Supply chains connect companies, industries and countries. They are the backbone of global trade and economic growth. But increasingly, they become an attractive target for attackers. 

In this ISTARI Perspective, the former CISO at McKinsey teams up with former director of UK intelligence agency GCHQ to describe the problem and three steps companies can take to improve cyber resilience in their supply chains – and stop the domino effect. 

  • Cyberattacks on supply chains can quickly escalate in unpredictable ways.
  • The problem of cyber risk in supply chains is not new; it’s been a decade since the infamous breach of retailer Target through an air conditioning vendor. 
  • But it’s a problem that is growing: ISTARI recently asked a room full of CISOs about their experience with the potential domino effect that arises from supply chain cyber risk. Almost half had experienced a cyberattack that originated from their supply chain, and three quarters responded that their company’s supply chain had been indirectly disrupted or impacted by a cyberattack on one of their suppliers.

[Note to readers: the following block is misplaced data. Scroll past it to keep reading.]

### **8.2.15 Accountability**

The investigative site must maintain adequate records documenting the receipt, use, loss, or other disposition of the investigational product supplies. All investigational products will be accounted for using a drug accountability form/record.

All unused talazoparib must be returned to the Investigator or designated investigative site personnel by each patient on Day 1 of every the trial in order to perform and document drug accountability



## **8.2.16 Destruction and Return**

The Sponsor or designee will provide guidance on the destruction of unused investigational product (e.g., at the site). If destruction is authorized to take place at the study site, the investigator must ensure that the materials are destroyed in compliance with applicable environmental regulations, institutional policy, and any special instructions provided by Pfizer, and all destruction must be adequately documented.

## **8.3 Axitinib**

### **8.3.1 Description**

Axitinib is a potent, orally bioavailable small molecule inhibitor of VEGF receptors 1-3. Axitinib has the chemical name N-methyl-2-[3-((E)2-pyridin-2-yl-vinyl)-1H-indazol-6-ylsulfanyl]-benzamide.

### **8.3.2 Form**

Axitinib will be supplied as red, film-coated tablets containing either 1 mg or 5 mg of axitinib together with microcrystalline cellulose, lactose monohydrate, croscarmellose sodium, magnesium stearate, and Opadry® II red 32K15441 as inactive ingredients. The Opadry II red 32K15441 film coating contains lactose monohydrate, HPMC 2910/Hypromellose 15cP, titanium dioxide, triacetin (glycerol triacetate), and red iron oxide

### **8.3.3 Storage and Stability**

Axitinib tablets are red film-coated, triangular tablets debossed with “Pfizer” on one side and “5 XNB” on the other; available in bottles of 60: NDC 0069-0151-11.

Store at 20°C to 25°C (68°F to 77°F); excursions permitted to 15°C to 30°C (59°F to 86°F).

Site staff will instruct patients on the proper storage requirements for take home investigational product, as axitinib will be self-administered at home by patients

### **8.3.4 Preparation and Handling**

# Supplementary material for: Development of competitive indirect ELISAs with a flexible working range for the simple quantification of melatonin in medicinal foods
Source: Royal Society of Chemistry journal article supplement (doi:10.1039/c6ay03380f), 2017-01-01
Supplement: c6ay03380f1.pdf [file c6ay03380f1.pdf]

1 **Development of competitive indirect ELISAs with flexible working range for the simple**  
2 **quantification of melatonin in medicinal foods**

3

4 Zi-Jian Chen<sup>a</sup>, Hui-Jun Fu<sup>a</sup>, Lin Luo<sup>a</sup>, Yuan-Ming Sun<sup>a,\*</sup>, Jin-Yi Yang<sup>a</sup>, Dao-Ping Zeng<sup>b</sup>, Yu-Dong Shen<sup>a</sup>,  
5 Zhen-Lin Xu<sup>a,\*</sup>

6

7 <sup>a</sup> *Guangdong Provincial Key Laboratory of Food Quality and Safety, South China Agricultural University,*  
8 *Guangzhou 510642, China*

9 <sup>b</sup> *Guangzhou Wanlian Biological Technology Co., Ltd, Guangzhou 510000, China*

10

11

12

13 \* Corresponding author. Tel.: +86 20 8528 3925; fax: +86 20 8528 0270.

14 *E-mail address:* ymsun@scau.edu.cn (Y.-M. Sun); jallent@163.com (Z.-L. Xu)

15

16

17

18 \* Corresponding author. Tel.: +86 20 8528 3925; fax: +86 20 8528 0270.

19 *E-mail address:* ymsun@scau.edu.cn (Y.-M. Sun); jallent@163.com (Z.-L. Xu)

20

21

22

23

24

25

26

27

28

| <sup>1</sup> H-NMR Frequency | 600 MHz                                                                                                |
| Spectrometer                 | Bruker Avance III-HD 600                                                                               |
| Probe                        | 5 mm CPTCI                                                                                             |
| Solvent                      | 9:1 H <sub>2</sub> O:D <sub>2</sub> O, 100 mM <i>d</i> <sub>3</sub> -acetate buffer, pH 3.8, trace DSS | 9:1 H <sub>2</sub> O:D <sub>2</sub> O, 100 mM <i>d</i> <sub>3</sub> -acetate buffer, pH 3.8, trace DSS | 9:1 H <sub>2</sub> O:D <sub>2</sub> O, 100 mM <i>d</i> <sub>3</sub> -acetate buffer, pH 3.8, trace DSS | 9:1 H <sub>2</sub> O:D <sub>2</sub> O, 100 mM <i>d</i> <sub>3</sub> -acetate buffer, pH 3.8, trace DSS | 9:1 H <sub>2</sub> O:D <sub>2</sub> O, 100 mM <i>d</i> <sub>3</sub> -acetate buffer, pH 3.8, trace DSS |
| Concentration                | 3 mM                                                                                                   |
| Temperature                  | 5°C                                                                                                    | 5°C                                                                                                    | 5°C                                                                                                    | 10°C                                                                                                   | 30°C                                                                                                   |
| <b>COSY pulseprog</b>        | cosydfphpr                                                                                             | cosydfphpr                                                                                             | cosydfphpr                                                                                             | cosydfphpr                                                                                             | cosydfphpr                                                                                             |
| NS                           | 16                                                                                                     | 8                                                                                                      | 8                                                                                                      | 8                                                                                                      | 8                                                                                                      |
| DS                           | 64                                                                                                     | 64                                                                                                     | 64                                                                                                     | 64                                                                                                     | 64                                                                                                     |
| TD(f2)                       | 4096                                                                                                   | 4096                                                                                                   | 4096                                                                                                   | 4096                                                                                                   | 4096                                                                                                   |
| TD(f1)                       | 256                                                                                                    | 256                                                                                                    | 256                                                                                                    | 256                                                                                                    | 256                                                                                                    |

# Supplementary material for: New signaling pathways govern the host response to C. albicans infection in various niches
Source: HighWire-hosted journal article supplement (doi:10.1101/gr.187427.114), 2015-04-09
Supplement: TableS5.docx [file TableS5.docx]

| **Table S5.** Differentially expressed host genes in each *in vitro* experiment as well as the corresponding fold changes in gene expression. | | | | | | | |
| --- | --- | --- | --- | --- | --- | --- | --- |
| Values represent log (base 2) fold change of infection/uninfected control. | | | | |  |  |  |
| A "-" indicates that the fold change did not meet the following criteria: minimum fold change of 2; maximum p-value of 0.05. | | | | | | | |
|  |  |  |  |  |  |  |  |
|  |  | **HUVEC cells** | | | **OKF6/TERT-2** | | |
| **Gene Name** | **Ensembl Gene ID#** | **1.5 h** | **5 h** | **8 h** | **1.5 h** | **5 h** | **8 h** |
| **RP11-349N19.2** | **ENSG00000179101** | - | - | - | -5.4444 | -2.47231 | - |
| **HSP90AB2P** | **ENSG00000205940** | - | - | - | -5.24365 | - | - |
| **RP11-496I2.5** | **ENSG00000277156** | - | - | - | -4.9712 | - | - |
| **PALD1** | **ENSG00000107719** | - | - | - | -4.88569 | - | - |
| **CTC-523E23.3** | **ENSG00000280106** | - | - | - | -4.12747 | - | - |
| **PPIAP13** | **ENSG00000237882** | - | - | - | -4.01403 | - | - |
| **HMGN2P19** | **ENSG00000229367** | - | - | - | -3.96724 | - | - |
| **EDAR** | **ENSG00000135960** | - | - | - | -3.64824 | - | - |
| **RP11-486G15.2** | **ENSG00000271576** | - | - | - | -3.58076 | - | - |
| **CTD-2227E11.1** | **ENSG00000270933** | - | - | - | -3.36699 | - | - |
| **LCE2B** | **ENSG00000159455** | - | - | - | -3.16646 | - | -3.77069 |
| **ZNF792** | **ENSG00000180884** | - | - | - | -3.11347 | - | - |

• Supply chains face three types of cyber risk:
    • A core supplier suffers a cyberattack that disrupts the flow of goods or services
    • A company suffers a breach through one of its suppliers: attackers move laterally across supply chains to get a foothold in other company’s networks
    • An organisation suffers a breach because of a vulnerability embedded in a third-party software company.

Companies can do three things to improve the cyber resilience in their supply chain:

  1. Set clear ownership: One individual or team should be incentivised to assess and reduce supply chain risk and be allocated with sufficient resources
  2. Assess and prioritise suppliers: Instead of categorising suppliers by contract size, prioritise suppliers based on risk factors
  3. Fix the past – and anticipate the future: Fixing legal and regulatory problems allows you to look forward and implement real-time cyber risk identification and management of the supply chain.

Why does this matter for businesses? 

Many companies regard building cyber resilience in their supply chains an insurmountable task.

But starting to build cyber resilience in the supply chain isn’t impossible – it’s a strategic necessity. 


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